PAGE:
BLT Numbing Cream
BLT numbing cream (benzocaine, lidocaine, tetracaine) is a triple action topical anesthetic that is made in compound pharmacies for use by clinicians who perform minimally invasive procedures on the face and sometimes other parts of the body.
BLT numbing cream is commonly used in procedures such as tattoo removal, hair removal, cannula insertion, veni-puncture, suturing, wound cleaning, injection administration, cosmetic and laser procedures, tattooing, etc. The ideal topical anesthetic can provide complete anesthesia following a simple pain-free application, not contain narcotics or controlled substances, and be safe to use. BLT Topical Creams are used in similar instances as TAC Topical Compounds, TL Topical compounds, and non-compounded topicals containing lidocaine, benzocaine, tetracaine and prilocaine.
Compounded BLT Numbing Cream Risks
BLT numbing creams are know for their strong positive effect. They are made in various concentrations ranging from 20%, 4%, 2% to 20%, 10%, 10% respectively, benzocaine, lidocaine, tetracaine. Many of the BLT numbing cream compounds are made in very high concentrations. These concentrations are well above what is required to appropriately numb the skin according to the United States Food and Drug Administration (US FDA). It is often typical, that in concentrations above 20%, 4%, 2% that the active pharmaceutical ingredients (API’s) do not stay in solution and therefore present a gritty cream. The grit is often the undissolved API’s that do not enter into the skin and therefore do not improve efficacy. BLT numbing creams that are gritty also open the risk for adverse events, such as grit causing corneal damage in the event it enters the eye. There is a recent 2016, case where this adverse event did, in fact, cause corneal damage.
Another risk associated with multi-use jars or tubes of BLT numbing cream is the risk of cross-contamination. When the container is used on multiple patients, often by multiple clinicians, there is an inherent risk that microbes of other contaminants may be passed on to other who are being treated using the same container. Compounded BLT numbing creams are supposed to be supplied on an individual patient basis, in accordance with US FDA policies. When one prescription is supplied based on order from the clinician, yet used on more than one patient, the clinician is exposed to medico-legal risks in the event of a FDA or State Health Department audit, such as in the case of an adverse event. Compounded BLT numbing cream has the reputation of being very effective. In a 2012, study using it in laser procedures, it was shown to be more effective than other competitive approved topical numbing creams, such as EMLA or LMX5.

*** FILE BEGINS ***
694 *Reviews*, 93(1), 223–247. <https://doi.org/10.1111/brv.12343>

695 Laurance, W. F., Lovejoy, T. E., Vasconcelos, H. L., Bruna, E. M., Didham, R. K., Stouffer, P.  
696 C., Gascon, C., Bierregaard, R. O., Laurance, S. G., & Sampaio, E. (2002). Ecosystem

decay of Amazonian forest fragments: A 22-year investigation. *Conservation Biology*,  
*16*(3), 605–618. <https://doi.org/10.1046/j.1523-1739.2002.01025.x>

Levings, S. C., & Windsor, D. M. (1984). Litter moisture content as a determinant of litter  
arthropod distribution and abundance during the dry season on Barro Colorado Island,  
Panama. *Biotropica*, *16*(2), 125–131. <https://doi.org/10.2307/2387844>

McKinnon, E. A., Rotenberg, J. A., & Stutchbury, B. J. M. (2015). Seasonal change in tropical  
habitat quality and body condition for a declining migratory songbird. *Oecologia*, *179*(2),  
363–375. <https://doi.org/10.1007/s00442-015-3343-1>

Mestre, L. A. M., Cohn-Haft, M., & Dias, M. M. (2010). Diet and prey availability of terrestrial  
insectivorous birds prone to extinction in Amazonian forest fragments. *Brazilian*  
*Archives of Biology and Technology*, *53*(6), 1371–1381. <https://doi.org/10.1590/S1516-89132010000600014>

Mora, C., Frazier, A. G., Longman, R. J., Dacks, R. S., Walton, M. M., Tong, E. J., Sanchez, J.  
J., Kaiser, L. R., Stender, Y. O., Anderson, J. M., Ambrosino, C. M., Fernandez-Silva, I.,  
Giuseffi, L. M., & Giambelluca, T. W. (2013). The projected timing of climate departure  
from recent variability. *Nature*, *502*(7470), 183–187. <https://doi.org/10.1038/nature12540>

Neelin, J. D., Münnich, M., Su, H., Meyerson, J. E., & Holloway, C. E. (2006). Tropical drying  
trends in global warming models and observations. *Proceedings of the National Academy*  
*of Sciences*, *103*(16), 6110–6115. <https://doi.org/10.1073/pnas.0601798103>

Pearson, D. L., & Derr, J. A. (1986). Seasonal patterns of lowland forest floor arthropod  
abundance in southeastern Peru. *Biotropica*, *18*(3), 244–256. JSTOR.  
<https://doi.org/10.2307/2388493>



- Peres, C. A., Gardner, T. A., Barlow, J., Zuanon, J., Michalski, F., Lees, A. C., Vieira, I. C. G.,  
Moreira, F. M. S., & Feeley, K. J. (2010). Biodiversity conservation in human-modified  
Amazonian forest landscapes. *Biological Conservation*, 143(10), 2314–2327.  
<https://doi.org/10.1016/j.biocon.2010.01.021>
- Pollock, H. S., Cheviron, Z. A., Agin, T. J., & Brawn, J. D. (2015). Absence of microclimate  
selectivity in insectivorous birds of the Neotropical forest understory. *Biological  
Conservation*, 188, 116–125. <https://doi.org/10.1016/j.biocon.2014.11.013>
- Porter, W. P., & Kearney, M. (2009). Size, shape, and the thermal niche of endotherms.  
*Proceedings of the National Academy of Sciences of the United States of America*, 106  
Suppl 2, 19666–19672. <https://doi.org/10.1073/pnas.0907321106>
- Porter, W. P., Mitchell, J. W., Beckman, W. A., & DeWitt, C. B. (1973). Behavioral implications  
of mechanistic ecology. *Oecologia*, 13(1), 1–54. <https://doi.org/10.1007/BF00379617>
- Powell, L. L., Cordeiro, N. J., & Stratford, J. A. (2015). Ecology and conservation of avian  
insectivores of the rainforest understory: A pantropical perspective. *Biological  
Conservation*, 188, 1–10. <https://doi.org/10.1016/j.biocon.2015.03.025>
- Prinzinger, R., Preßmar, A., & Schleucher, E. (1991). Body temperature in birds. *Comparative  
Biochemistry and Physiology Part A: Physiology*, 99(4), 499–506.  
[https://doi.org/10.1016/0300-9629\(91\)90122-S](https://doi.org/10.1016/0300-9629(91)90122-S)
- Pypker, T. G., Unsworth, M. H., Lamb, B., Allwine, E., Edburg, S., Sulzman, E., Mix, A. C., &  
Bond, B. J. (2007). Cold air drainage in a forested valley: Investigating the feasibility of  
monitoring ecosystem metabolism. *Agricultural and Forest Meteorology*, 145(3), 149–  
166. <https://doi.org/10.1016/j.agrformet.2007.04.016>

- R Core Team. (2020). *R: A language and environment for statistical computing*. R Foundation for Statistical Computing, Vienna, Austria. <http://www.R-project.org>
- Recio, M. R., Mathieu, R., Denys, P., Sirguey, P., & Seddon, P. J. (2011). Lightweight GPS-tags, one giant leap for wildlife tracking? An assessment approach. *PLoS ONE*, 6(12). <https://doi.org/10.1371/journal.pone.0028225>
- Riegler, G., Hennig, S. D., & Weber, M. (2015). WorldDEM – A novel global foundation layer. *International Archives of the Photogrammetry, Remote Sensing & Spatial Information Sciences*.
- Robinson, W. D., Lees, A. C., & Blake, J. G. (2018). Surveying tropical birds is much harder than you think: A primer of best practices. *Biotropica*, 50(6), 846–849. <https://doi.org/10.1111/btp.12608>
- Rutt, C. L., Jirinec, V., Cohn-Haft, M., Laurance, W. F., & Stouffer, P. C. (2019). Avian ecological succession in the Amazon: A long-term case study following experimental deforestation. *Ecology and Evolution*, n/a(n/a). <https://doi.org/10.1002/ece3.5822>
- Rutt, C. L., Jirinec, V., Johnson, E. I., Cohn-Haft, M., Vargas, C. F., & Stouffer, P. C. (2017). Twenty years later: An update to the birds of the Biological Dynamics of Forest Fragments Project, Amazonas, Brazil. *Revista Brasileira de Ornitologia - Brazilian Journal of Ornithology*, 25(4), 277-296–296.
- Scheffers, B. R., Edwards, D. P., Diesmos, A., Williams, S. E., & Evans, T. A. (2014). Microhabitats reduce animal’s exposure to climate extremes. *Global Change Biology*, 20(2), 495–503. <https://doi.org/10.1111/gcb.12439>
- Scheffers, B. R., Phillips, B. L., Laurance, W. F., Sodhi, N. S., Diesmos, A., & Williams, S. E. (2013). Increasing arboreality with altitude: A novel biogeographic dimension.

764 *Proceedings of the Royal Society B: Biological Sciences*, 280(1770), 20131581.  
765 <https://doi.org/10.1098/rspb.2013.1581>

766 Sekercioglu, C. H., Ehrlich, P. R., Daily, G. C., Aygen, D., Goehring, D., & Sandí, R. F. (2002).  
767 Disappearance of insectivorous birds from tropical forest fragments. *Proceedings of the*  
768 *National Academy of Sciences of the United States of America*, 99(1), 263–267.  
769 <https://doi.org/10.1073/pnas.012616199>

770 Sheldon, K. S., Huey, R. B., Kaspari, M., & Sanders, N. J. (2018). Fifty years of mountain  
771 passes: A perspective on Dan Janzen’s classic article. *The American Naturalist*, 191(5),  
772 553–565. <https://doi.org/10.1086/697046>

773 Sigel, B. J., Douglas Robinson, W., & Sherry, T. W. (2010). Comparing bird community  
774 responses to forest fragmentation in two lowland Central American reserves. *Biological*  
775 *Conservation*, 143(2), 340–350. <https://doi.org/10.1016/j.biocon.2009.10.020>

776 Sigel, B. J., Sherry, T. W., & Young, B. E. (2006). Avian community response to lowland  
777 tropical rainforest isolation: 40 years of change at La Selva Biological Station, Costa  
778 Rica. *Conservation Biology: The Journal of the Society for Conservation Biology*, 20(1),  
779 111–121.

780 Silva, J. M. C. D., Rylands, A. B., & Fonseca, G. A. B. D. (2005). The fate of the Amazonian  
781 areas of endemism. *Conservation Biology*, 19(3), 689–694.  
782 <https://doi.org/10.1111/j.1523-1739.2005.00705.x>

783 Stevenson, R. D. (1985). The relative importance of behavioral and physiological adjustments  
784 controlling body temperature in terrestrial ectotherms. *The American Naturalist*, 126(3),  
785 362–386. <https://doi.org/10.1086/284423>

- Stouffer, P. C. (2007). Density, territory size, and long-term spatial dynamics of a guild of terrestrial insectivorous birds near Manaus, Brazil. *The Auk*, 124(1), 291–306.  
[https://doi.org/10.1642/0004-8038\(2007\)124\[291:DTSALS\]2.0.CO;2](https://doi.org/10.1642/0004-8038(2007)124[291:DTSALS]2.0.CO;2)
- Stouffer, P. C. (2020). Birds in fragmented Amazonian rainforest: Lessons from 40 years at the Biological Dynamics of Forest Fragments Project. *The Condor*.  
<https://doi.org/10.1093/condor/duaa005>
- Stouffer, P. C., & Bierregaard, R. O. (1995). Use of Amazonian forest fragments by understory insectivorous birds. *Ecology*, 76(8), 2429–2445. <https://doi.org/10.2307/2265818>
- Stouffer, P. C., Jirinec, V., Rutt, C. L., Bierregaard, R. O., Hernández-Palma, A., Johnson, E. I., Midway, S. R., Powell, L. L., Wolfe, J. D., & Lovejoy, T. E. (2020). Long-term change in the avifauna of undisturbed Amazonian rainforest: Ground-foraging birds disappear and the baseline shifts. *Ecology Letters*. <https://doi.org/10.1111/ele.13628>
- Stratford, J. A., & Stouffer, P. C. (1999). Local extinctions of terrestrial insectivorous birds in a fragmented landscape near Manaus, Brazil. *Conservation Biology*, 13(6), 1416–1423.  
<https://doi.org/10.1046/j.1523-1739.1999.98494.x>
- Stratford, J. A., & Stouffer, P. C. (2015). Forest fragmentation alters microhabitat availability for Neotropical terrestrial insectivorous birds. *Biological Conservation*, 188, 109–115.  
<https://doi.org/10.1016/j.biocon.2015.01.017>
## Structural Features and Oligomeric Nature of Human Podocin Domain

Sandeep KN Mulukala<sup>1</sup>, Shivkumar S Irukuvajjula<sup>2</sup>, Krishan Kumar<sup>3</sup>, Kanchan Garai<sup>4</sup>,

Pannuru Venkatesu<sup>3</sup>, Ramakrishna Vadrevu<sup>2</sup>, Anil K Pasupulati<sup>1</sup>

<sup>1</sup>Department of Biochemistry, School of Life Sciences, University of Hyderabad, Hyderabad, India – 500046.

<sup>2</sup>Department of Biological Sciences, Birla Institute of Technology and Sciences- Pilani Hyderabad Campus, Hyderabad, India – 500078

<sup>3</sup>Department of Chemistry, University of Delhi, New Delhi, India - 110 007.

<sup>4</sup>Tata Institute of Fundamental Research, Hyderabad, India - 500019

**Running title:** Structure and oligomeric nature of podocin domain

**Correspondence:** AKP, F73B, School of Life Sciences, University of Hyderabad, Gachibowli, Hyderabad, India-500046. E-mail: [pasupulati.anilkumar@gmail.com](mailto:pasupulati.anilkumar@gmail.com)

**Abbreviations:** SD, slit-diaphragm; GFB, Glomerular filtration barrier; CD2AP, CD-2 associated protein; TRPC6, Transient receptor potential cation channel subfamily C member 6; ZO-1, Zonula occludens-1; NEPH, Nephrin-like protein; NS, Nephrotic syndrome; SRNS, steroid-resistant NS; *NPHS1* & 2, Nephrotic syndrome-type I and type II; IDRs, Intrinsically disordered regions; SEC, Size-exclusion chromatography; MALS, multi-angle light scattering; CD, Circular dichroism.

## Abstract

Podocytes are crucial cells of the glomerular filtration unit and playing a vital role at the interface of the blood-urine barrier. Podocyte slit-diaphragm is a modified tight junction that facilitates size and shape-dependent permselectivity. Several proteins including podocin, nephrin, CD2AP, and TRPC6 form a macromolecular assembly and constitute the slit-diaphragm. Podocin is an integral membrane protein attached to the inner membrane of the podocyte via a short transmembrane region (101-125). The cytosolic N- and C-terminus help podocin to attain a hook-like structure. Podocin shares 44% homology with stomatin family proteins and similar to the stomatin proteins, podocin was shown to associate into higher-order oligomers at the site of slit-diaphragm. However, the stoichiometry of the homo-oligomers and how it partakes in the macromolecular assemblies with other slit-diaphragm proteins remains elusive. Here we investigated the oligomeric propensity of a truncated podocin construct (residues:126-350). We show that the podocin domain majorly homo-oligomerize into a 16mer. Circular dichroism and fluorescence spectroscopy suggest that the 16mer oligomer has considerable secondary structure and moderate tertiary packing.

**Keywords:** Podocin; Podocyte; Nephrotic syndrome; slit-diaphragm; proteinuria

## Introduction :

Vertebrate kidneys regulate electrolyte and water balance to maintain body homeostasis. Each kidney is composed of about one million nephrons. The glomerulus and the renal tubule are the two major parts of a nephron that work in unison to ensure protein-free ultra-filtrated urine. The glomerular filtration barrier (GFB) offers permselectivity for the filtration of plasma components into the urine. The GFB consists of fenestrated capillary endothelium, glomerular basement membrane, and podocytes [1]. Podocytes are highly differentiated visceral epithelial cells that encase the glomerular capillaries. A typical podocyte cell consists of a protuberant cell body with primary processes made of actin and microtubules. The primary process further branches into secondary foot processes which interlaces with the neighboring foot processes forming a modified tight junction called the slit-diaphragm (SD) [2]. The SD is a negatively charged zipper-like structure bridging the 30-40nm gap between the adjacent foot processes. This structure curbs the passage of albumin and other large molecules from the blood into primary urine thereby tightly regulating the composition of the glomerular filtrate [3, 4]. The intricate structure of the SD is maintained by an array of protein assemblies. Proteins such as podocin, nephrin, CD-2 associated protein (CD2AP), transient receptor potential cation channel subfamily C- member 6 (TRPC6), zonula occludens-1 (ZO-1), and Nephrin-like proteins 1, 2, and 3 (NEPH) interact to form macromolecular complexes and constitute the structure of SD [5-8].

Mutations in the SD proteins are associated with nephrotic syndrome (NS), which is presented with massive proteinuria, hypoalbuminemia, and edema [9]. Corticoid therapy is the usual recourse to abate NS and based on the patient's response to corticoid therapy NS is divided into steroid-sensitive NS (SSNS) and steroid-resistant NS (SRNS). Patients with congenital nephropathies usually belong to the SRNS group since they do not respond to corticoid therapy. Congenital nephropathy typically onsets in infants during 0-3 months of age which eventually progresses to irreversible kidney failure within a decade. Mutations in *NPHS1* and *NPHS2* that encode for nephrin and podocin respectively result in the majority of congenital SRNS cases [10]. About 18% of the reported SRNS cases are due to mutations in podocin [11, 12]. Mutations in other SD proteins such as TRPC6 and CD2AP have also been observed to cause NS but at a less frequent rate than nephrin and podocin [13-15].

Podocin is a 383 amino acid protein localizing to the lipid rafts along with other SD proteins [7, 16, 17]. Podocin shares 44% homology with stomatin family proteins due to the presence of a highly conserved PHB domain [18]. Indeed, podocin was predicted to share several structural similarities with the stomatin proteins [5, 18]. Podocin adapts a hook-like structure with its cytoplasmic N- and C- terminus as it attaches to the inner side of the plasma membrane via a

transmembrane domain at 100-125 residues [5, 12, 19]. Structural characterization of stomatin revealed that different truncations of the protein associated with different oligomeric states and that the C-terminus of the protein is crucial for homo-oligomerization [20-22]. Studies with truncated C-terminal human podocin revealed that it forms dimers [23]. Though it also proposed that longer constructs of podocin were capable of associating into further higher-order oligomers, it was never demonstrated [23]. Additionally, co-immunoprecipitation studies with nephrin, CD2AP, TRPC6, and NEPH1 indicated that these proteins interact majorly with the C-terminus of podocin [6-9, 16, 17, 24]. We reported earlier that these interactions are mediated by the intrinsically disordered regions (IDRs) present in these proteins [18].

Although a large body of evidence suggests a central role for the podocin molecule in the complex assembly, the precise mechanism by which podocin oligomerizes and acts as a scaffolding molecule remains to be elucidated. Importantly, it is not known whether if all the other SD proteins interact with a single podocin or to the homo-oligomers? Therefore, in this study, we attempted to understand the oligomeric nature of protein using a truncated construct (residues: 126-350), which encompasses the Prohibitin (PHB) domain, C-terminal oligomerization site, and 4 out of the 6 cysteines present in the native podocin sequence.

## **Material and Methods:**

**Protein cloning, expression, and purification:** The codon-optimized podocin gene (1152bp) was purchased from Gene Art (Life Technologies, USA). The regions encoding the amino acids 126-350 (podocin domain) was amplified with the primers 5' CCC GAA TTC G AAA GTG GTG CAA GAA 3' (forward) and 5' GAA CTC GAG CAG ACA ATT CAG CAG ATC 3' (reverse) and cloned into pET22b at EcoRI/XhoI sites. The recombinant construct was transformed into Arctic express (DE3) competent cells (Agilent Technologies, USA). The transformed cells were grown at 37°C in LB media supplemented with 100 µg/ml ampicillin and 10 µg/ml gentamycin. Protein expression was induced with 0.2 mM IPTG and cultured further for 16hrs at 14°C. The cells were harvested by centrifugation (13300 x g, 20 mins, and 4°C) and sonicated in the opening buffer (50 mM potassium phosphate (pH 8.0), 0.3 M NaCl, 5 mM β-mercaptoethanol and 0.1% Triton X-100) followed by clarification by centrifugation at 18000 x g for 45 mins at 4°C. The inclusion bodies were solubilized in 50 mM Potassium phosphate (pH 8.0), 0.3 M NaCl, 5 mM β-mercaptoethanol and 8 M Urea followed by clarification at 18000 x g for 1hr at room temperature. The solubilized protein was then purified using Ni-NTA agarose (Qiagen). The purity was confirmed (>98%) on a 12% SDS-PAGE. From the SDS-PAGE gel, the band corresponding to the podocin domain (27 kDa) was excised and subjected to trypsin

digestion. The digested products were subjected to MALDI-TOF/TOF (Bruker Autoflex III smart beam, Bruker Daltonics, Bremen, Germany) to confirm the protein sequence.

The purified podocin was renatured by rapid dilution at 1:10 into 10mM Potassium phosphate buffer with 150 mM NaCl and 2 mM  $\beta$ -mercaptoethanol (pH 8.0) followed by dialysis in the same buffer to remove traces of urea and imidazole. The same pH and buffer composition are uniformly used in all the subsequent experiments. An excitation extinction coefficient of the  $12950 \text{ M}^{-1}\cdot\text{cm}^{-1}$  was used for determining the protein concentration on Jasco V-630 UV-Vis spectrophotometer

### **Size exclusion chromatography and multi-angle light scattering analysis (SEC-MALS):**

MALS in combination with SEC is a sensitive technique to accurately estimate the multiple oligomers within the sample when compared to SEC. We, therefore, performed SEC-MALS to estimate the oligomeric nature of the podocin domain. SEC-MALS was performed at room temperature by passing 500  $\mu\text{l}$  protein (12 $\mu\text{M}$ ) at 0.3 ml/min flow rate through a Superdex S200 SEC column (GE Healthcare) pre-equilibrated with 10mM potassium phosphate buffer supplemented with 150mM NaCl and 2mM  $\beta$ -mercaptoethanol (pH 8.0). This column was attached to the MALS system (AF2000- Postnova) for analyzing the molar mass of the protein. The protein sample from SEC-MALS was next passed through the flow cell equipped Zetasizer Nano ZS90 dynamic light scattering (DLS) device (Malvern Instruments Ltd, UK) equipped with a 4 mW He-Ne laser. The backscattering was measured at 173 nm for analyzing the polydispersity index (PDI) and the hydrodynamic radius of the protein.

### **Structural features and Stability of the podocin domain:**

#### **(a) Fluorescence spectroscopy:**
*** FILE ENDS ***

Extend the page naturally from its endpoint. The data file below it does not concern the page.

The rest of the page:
BLT Cream for Cosmetic Procedures
Triple-anesthetic BLT topical compounds containing benzocaine, lidocaine, and tetracaine (BLT) have been reported to be effective when applied prior to laser procedures. Cosmetic Dermatology 2003 Apr;16(4):35-7
Anecdotally, BLT Topical compounds have a reputation for providing a high degree of efficacy when properly applied prior to a myriad of superficial cosmetic procedures. Benzocaine is known to produce a fairly rapid onset of action while lidocaine and tetracaine produce a medium to long duration of efficacy. When used appropriately on small surface areas, the reputation of BLT topical compounds are that they are generally, reasonably well tolerated and very effective.
Challenges procuring, storing and using this type of topical anesthetic include (among others):
- Regulatory compliance,
- short shelf life (45 days),
- lack of modular capability (all three in combination may not always be medically necessary),
- time to effective onset of action,
- dosing precision,
- product quality assurance and uniformity.
- when supplied in multi-use jars, risk of cross contamination
“Unicorn” BLT topical compounds (or other effective topical anesthetic), have an extended shelf life, be compliant when produced and supplied in bulk, have a rapid onset of action, both an adequate duration, a simple, painless method of administration and an effective method of API delivery into the skin while limiting systemic entry.
What safe and effective alternatives may serve to overcome some of the associated challenges, while still maintaining a combination of ease of set up and removal, efficacy, duration of efficacy and acceptable safety profiles? The “holy grail” of topical anesthetic agent(s) or device(s) will satisfy the needs while eliminating the challenges. The question then will be, is it possible for one agent or modality to provide all or most of these attributes, or will it require a combination of two or more? At present, it seems that properly formulated BLT topical compounds satisfy the needs for more aggressive, pain causing procedures, while some of the other effective alternatives satisfy needs for less aggressive and ablative procedures that also cause varied degrees of pain.